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RIAA and MPAA gone wild with copyrights.

6/25/08
We're going to be talking about copyright in the digital age in my class this afternoon, and I've been doing more reading on that topic than I usually do in order to prepare for class. What I've found is that the crazy is accelerating faster than I could have believed.

MPAA doesn't think they should be required to have evidence in order to prosecute (persecute) people they believe to have pirated movies. They want to sue for $150,000 per supposed offense without presenting any evidence.

RIAA (and a bunch of other people) think that they should get royalties from Broadcast Radio. They want $7 billion a year. That's almost half of the $16 billion that the NAB is reported to make.

John Barlow wrote a prophetic piece for Wired in 1994 that has been dead on with regard to the future of copyright. He followed it with another great piece in 2000. (The first gets a little lyrical, but they're both amazing.)

Barlow writes that the real problem is that the property that these groups think they have is illusiory. Ideas can't be kept in bottles or widgets, and they are worthless when they are. Information and ideas need to be free in order to be useful or great. Information doesn't behave like widgets in the market because it isn't physical. As Barlow says, if I steal your horse you have to walk, but I can take all of the information that you have and then we BOTH have it without either of us being impoverished.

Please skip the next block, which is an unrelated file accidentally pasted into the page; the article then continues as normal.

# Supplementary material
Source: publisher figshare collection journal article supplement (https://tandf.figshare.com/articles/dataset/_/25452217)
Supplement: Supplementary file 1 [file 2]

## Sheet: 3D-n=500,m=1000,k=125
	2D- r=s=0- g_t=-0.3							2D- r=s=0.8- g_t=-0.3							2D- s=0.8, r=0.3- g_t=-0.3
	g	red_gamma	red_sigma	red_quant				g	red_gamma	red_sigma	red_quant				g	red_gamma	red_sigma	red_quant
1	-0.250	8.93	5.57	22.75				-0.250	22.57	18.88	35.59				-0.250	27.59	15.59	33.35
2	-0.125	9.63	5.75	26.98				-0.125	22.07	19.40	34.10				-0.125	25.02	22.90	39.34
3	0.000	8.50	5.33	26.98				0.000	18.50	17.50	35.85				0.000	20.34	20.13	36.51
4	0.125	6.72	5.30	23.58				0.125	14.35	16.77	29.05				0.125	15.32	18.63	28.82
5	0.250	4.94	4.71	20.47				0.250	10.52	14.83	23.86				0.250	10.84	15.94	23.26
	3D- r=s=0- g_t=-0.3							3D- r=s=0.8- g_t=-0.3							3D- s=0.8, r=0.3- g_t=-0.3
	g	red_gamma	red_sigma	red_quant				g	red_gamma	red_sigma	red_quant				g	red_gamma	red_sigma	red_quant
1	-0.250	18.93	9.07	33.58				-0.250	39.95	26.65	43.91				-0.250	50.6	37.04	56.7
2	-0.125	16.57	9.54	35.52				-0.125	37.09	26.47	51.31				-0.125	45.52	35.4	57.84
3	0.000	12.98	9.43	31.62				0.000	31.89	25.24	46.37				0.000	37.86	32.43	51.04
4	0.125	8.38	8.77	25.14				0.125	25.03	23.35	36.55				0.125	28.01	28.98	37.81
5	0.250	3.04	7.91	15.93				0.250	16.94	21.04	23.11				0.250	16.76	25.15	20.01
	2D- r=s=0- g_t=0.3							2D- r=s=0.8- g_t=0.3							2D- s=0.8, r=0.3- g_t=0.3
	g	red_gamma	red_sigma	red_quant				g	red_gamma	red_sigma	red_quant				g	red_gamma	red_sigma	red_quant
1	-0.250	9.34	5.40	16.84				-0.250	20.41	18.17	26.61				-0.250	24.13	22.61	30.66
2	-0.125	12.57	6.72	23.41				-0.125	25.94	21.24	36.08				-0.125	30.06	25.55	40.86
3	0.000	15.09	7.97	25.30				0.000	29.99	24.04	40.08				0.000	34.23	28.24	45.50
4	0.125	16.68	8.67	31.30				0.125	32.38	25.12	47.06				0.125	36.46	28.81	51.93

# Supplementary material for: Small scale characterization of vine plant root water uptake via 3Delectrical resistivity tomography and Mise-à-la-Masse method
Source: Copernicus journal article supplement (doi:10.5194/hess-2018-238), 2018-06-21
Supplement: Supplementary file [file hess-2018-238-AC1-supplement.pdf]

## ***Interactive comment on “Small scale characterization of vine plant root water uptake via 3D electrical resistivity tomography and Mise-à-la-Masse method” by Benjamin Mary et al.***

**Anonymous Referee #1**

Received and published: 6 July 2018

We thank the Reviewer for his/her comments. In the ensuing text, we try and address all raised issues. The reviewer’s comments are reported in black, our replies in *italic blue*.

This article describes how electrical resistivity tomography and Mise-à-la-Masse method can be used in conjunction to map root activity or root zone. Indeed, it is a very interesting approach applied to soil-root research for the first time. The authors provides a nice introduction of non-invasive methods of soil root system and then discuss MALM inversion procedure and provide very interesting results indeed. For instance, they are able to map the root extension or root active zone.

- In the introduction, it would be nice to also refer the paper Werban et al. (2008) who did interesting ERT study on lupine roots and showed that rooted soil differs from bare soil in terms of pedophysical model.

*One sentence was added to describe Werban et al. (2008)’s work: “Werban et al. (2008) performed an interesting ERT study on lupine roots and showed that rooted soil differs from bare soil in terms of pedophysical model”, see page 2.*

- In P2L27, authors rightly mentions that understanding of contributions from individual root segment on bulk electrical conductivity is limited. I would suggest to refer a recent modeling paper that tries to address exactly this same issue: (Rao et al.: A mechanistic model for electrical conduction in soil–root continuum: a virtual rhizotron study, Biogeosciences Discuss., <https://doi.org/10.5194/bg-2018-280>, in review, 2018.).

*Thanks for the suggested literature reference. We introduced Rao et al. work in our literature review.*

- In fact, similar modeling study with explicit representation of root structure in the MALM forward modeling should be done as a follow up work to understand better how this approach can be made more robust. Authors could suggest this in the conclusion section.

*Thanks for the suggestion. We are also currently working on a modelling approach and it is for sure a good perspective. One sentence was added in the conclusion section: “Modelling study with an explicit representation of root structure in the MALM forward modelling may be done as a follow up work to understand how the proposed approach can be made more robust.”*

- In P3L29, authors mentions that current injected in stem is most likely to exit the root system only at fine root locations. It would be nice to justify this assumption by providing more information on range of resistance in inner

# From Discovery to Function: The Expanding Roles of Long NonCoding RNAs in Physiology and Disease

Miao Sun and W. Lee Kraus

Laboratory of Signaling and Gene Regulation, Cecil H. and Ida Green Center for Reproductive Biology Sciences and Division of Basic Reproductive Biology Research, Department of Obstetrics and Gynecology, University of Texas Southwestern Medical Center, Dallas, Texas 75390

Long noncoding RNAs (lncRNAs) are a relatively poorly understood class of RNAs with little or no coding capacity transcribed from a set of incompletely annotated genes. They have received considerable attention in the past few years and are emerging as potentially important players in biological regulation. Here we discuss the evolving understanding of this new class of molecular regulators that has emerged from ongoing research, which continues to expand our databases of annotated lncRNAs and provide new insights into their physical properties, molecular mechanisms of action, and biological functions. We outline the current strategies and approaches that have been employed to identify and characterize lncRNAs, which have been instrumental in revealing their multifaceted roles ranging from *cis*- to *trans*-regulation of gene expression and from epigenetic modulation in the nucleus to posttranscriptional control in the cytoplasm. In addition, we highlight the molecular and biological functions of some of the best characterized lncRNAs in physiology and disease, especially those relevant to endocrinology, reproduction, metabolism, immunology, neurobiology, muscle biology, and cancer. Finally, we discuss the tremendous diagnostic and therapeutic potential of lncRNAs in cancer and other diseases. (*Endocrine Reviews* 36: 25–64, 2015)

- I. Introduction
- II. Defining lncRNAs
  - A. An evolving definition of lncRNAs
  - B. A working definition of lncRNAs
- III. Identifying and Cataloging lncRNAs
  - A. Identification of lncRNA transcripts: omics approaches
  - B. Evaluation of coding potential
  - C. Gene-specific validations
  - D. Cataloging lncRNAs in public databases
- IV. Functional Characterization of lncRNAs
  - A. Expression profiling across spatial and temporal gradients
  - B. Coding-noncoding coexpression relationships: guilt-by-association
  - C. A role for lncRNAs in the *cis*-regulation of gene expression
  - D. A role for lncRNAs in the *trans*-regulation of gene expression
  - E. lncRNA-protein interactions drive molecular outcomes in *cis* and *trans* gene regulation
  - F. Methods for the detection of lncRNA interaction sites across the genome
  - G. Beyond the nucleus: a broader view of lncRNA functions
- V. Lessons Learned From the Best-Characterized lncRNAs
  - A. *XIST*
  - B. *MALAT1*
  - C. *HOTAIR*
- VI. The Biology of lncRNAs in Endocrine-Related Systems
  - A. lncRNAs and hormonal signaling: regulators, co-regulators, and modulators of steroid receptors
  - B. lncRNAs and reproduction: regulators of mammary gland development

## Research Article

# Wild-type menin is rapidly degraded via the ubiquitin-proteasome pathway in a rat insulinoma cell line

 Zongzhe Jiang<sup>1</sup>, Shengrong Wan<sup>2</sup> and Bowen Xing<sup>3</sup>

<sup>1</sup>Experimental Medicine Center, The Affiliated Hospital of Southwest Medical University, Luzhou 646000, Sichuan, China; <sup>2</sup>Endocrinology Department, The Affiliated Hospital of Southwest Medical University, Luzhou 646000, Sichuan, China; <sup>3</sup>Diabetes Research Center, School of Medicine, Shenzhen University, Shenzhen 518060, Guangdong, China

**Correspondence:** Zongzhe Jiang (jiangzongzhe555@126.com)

The switch from selling widgets in the marketplace to selling information in the digital world has left people with the mistaken impression that they should be paid for every instance of that information in all cases because if they aren't then they are losing something. That's just not the way that information works, and the public has noticed. If you put your songs out there for free and people like them then they will buy your albums and go to your shows and buy your merch. As Barlow puts it, ethics is replacing law. Law is built to be static, but ethical requirements may shift in response to changes in society. What is happening is a shift from the law smashing you with a hammer when you don't pay for music that you enjoy to a sort of horizontal public disapprobation. There is personal presure applied from your peers to support acts and artists that you enjoy watching. Radiohead and NIN have figured this out and integrated a pay-as-you-like scheme. The Offspring figured it out long ago when they would digitally post their music for free. The Greatful Dead encouraged fans to tape their shows and give it to their friends. They did quite well for themselves by producing a product that their fans loved and by being good to their fans.

Another interesting tidbit is that artists are like waiters in the US. I can name several people who have done quite well just by making something neat on the WWW and then selling related merchendise. The comics from Penny Arcade, Questionable Content, Dr. McNinja have become a viable source of income for these guys without requiring their fans to pay to see their work online. Revision 3 is a company that produces really excellent web-based shows for free. Ze Frank had one of the greatest web-casts ever for a year. At the end he let people donate and seems to have done well on that deal. They aren't starving either, but they don't charge for their content. If you do a good job entertaining people and you forge a connection with your audience you will profit from it. People will work to support you in your endeavour. They'll do that with cash-money.
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